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Re: [SG16] Redefining Lexing in terms of Unicode

From: Steve Downey <sdowney_at_[hidden]>
Date: Thu, 28 May 2020 23:23:01 -0400
This is the main reason to fix the lexer/grammar — they no longer
correspond closely enough to the physical systems to be useful models.

The 'basic source character set' is an entirely abstract set of symbols,
corresponding to nothing in either actual source or actual compiled
translation units. The 'execution character sets' are similar. They are
symbols and may or may not be encodable into the resulting program. There
are good ways of discussing these problems today, but not in the language
of the standard as it is.

If '@' can be represented in a character literal of some kind is not the
same question as if if is available to name an operator. Conflating those
questions isn't useful.

The cost of understanding the C++ abstract lexer is large, and is of little
value outside of modifying it, as actual compilers have since "as-if"ed
around it. It's an ongoing cost. Technical debt.

To answer Jen's implied question from upstream:
"While the use of universal-character-names might appear
a bit baroque to Unicode-oriented people, it seems to work
nicely. "

Unicode-oriented people are essentially everyone today. No one who works
with text today, including people who work on computer language text
outside C and C++ Standard, expect or will deal with anything else.
Discussing decoding actual source files into 'source character set' and
encoding into 'execution character set' values is a lossy translation
hindering actual discussion of what C++ implementations do.

On Thu, May 28, 2020 at 7:42 PM Corentin Jabot <corentinjabot_at_[hidden]>

> On Fri, May 29, 2020, 01:03 Steve Downey via SG16 <sg16_at_[hidden]>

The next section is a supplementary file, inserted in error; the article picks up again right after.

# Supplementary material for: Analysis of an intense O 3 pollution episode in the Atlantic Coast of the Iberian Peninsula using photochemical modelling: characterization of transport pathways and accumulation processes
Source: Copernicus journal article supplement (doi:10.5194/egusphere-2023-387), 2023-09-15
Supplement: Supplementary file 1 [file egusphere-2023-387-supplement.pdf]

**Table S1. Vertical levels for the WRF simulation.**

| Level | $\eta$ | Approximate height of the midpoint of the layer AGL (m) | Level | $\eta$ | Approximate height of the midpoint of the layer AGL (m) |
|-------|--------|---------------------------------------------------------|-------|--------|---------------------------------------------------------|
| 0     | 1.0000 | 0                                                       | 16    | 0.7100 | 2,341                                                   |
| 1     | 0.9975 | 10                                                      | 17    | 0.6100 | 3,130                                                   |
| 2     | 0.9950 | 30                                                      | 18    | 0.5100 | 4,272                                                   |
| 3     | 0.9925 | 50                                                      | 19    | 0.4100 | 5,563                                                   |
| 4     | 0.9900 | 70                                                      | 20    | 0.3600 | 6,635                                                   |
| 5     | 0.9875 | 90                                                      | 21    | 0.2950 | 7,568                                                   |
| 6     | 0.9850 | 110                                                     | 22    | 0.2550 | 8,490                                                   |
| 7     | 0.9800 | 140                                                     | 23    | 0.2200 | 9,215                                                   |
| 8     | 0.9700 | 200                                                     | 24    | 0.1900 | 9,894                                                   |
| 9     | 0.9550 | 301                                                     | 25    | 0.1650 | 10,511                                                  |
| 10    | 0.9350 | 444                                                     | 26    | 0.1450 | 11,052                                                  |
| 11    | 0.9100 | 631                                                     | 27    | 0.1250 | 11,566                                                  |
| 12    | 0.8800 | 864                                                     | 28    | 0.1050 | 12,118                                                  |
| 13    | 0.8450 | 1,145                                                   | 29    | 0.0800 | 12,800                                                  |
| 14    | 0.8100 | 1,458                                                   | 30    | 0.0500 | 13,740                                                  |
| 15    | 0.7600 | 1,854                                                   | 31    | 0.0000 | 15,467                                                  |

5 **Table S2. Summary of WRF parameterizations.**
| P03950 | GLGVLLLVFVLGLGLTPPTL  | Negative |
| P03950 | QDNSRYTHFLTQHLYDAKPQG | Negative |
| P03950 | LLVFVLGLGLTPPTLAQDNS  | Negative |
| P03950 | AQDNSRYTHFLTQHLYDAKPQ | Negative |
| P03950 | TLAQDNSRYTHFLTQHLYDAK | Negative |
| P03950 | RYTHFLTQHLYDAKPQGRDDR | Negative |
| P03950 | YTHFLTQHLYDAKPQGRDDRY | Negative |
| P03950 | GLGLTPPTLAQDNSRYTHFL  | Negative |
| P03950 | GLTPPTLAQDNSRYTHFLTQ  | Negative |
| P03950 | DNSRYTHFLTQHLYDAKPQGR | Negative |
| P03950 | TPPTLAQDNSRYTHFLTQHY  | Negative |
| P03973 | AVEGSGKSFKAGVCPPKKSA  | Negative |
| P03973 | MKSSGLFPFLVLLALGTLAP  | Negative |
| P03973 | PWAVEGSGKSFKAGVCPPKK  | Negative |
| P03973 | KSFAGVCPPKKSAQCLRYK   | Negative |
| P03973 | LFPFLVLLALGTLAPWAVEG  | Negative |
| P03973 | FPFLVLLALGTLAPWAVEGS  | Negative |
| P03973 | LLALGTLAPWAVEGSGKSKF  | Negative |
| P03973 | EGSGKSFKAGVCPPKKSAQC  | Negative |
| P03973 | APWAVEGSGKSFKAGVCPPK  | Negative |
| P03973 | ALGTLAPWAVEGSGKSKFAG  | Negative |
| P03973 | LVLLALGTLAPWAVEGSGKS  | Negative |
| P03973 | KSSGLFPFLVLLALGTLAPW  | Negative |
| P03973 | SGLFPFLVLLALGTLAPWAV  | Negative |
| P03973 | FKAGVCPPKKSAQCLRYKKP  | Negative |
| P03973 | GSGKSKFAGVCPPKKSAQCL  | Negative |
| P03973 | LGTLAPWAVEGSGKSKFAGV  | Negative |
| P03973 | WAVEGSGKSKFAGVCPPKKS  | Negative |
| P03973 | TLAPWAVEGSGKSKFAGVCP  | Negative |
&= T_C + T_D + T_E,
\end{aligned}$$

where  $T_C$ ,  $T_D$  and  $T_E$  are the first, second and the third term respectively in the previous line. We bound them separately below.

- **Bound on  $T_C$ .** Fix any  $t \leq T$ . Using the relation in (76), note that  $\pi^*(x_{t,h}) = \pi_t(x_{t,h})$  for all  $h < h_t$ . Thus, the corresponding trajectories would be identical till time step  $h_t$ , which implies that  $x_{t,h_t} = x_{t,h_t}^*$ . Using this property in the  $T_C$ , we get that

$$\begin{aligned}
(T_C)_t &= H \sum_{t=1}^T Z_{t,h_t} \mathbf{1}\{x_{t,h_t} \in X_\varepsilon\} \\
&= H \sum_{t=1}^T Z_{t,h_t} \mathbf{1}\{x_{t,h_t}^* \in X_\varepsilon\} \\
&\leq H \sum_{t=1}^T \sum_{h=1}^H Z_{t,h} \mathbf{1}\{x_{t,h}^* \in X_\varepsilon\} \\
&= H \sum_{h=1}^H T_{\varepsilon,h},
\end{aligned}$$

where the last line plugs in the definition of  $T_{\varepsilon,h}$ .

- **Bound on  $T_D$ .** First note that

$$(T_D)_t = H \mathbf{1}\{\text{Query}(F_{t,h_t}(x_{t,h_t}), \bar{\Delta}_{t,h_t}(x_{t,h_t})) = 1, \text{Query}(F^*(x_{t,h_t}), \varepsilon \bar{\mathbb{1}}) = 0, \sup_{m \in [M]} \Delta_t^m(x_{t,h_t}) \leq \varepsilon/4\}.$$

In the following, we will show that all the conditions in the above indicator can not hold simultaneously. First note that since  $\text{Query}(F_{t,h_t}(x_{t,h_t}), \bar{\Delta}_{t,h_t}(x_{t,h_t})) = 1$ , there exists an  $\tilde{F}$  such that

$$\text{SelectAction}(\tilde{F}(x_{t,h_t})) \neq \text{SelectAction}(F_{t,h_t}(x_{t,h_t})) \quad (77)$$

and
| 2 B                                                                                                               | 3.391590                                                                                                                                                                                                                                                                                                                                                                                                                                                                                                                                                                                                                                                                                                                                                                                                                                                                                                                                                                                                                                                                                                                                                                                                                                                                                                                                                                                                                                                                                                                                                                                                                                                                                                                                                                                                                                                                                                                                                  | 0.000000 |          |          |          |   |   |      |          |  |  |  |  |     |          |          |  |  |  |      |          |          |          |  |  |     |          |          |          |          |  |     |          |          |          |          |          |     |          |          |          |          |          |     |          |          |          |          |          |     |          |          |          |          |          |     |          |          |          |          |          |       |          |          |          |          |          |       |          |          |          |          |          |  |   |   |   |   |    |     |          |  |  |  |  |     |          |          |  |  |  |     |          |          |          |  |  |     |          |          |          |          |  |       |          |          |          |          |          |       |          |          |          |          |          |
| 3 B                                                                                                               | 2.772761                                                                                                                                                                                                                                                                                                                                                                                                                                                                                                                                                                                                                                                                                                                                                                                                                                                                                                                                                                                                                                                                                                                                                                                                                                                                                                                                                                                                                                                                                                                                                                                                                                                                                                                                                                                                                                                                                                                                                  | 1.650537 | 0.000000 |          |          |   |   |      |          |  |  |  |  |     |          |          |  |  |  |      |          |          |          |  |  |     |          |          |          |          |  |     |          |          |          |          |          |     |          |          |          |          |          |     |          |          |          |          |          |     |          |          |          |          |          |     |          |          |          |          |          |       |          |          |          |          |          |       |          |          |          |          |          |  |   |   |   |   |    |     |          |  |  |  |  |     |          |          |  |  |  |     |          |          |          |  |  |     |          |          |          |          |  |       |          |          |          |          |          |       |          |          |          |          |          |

> wrote:
>> I don't think it would change the difficulty of adding new characters for
>> keywords and operators. It would be no harder than adding @ to the basic
>> source character set.
> +1.
> It is currently assumed, but not stated that the characters that are in
> the basic character set can be used in arbitrary grammar elements.
> This doesn't have to be the case.
> For example adding "@" to the basic character set would not mean we could
> use it as an operator.
> Nor apparently that it would have to be representable in the physical
> character set. But it would have to be representable in the execution
> character set...
> (At least what I propose would resolve that last point.)
>> On Thu, May 28, 2020, 18:40 Thiago Macieira via SG16 <
>> sg16_at_[hidden]> wrote:
>>> On Thursday, 28 May 2020 01:04:23 PDT Corentin via SG16 wrote:
>>> > - The notion of basic source character set is removed
>>> Does that mean @ can be used as a new operator?
>>> --
>>> Thiago Macieira - thiago (AT) macieira.info - thiago (AT) kde.org
>>> Software Architect - Intel System Software Products
>>> --
>>> SG16 mailing list
>>> SG16_at_[hidden]
>>> https://lists.isocpp.org/mailman/listinfo.cgi/sg16
>> --
>> SG16 mailing list
>> SG16_at_[hidden]
>> https://lists.isocpp.org/mailman/listinfo.cgi/sg16

Received on 2020-05-28 22:26:20